In 1967, November 14 was declared the “Day of the Colombian Woman” to commemorate the death of Policarpa Salavarrieta, a heroine of the Columbian independence movement. Policarpa, or La Pola as many people knew her, was part of the revolutionary forces during the Spanish Reconquista of New Granada. During the Peninsular War with France, many Spanish colonies in the Americas had taken control from royalist forces, but after the defeat of Napoleon, Spain sent troops to quash the rebellion.
Policarpa’s birth certificate has been lost, so her birth name and date are unknown, but her sibling’s records make it possible to approximate her birth year circa 1795. Her family was respectable and relatively well off. But in 1802, a smallpox epidemic in Bogotá, where the family was living, took the lives of her parents and a brother and sister. The family broke up with Policarpa and her youngest brother moving back to their childhood hometown of Guaduas with their oldest sister, Caterina.
Not much is known about Policarpa’s life in Guaduas except that she worked as a seamstress and would have been exposed to the many travelers passing through on the way to Bogotá with information about current events. By the time she moved back to Bogotá in 1817, she and other members of her family were involved in the revolutionary cause. Policarpa and her brother, Bibiano, entered the city with forged documents and began work as “servants’ in the home of a revolutionary leader.
Policarpa’s real reason for going to the capital was to act as a spy. As a seamstress, she offered her services to the women in royalist households where she was able to gather information. She collected information on plans, maps, and the names of royalists and suspected revolutionaries. She and her brother also recruited fighters to the cause and helped pass information and supplies out of the city.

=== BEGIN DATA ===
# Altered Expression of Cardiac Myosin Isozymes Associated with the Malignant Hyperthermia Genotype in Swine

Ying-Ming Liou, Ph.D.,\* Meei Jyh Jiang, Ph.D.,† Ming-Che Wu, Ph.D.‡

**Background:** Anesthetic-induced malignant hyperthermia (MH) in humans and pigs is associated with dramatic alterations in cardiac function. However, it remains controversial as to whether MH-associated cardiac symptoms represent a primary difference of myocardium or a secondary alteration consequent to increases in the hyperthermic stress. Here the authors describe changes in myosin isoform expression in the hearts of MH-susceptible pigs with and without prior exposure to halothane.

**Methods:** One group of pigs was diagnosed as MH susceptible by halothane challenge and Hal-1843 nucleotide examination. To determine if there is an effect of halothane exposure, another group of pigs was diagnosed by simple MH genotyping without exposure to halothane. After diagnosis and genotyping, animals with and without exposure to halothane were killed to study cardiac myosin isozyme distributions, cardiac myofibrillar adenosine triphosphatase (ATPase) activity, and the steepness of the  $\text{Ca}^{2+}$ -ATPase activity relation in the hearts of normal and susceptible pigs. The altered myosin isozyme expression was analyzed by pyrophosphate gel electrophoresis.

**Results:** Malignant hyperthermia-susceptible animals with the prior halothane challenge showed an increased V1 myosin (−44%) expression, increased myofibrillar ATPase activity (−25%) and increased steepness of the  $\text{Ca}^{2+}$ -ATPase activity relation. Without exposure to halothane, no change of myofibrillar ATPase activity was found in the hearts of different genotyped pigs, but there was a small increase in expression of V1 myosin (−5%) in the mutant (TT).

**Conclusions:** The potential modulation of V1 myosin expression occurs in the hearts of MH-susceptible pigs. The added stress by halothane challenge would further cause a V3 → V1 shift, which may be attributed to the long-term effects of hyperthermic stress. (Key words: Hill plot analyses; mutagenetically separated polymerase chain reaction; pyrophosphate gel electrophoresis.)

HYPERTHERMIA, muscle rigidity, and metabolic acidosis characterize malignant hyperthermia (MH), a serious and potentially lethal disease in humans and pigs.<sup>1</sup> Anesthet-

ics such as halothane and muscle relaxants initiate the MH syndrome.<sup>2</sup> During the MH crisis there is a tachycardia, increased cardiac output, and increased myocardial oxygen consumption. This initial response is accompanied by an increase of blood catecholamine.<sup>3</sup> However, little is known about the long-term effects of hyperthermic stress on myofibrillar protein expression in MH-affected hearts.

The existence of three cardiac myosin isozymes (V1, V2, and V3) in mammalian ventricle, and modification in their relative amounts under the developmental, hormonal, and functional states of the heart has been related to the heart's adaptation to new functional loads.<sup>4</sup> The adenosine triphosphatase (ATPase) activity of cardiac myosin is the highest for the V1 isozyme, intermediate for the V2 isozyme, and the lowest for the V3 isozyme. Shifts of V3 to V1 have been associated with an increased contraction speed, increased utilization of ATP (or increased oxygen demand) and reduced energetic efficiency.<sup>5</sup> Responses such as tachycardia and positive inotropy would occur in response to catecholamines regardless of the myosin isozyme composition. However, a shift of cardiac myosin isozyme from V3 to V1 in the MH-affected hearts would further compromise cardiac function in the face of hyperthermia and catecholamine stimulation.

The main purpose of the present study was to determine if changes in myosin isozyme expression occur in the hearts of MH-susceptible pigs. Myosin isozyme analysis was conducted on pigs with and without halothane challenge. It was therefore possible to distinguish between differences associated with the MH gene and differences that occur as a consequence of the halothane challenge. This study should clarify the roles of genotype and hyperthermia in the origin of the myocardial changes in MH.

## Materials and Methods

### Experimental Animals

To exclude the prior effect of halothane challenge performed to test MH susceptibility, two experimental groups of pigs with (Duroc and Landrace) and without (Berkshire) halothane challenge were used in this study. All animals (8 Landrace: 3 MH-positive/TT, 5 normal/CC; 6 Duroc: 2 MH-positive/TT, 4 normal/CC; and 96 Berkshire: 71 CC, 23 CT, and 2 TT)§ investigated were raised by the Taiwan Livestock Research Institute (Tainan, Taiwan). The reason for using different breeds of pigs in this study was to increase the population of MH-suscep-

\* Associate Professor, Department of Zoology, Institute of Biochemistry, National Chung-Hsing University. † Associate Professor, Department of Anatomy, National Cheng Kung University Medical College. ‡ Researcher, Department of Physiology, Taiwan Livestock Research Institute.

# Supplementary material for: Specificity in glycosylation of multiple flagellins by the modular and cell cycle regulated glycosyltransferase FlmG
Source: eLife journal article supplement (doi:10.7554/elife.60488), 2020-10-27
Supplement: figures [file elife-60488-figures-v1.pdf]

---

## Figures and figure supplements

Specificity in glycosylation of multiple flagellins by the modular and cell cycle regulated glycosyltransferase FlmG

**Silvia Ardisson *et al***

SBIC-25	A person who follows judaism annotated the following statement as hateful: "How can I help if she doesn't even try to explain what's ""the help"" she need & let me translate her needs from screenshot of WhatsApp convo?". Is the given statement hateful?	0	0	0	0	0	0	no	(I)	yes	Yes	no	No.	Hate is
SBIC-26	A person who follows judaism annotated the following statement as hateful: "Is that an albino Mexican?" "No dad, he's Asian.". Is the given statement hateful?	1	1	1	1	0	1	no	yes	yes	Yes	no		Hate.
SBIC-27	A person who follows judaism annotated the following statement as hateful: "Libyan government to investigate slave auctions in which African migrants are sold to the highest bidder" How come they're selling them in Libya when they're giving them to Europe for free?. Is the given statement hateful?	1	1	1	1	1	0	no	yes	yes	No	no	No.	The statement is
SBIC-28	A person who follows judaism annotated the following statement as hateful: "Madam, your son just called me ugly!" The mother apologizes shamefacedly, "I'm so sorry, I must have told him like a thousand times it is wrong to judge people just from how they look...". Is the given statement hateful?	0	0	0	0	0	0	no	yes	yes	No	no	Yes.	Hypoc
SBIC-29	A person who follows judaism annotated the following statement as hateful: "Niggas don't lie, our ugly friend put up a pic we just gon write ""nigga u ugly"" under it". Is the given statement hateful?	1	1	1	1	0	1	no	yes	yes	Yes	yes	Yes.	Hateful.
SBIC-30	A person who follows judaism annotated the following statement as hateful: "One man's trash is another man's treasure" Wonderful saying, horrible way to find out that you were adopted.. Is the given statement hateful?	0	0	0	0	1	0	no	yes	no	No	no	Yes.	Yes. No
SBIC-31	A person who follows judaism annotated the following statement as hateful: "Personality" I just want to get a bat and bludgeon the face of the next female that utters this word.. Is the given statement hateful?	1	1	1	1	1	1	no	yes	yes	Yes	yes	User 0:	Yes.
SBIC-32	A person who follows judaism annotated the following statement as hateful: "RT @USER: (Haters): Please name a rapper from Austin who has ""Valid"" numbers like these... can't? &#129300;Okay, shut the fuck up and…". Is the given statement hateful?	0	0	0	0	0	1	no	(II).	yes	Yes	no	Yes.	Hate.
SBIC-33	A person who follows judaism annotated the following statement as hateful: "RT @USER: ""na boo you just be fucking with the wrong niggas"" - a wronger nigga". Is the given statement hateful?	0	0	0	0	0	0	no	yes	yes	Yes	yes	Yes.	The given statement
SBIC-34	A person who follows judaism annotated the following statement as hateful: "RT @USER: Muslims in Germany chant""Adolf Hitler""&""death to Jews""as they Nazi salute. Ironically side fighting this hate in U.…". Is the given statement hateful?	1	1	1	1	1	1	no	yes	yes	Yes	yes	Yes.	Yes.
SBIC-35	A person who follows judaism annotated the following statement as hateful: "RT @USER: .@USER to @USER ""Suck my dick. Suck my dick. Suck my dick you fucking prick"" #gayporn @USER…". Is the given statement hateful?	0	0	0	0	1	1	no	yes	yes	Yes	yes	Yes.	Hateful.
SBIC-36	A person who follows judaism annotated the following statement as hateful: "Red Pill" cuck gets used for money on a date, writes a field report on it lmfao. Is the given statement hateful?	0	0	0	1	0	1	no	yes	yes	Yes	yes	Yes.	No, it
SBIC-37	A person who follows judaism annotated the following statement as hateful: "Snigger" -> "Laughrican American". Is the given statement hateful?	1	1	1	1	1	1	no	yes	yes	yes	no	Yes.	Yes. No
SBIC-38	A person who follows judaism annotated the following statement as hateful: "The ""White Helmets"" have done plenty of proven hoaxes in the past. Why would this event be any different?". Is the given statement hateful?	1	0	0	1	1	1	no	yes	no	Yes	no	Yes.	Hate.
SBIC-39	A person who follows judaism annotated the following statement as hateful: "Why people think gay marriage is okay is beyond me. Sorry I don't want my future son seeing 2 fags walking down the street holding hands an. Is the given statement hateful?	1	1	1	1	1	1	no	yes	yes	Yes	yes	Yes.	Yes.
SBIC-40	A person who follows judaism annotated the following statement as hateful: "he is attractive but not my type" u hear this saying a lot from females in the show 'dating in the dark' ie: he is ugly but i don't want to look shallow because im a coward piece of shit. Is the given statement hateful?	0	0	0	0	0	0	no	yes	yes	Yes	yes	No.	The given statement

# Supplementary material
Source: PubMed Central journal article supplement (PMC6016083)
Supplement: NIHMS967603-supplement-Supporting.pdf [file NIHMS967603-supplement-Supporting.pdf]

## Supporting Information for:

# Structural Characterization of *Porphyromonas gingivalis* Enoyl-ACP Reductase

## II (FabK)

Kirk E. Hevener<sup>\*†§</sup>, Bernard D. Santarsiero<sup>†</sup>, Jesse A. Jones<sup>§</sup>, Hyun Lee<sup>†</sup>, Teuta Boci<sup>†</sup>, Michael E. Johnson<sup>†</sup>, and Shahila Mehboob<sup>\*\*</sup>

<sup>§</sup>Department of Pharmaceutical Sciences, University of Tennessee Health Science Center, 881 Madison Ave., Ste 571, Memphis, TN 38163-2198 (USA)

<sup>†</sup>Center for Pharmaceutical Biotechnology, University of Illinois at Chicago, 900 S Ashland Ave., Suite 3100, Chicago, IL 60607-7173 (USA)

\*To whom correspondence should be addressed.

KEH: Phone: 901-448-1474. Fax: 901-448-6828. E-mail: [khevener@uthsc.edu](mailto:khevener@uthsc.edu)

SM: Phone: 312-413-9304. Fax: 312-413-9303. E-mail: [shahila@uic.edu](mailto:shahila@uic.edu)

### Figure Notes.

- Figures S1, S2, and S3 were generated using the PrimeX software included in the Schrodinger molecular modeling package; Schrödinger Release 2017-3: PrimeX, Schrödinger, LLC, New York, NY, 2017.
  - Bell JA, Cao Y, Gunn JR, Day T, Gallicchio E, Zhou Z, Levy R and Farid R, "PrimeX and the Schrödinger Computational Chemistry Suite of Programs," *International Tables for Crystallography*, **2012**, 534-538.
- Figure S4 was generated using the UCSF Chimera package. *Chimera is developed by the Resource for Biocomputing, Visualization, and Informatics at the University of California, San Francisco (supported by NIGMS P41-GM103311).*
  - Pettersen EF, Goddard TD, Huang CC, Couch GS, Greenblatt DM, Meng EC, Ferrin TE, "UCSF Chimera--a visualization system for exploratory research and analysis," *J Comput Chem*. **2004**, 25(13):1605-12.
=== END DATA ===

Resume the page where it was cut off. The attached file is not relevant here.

Later in the year, the Almeyda brothers, important figures in the revolution, were arrested with information that implicated Policarpa, but wasn’t sufficient to arrest her. The proof came with the arrest of Alejo Sabarain, who was captured with a list of patriots that she had given him. Both Policarpa and her brother were arrested and taken to prison. On November 10th she was sentenced along with others to death by firing squad.
It is said that Policarpa marched bravely to her execution on November 14 with priests by her side. Rather than praying with the priests, she chose to curse the Spaniards instead. When told to turn her back and kneel, she refused to kneel; and when they began firing, she turned to face her executioners. Policarpa’s body was claimed by two of her brothers who were Augustinian friars and she was buried at the convent church of San Augustin.
Find out what else happened on November 14 in Women’s History.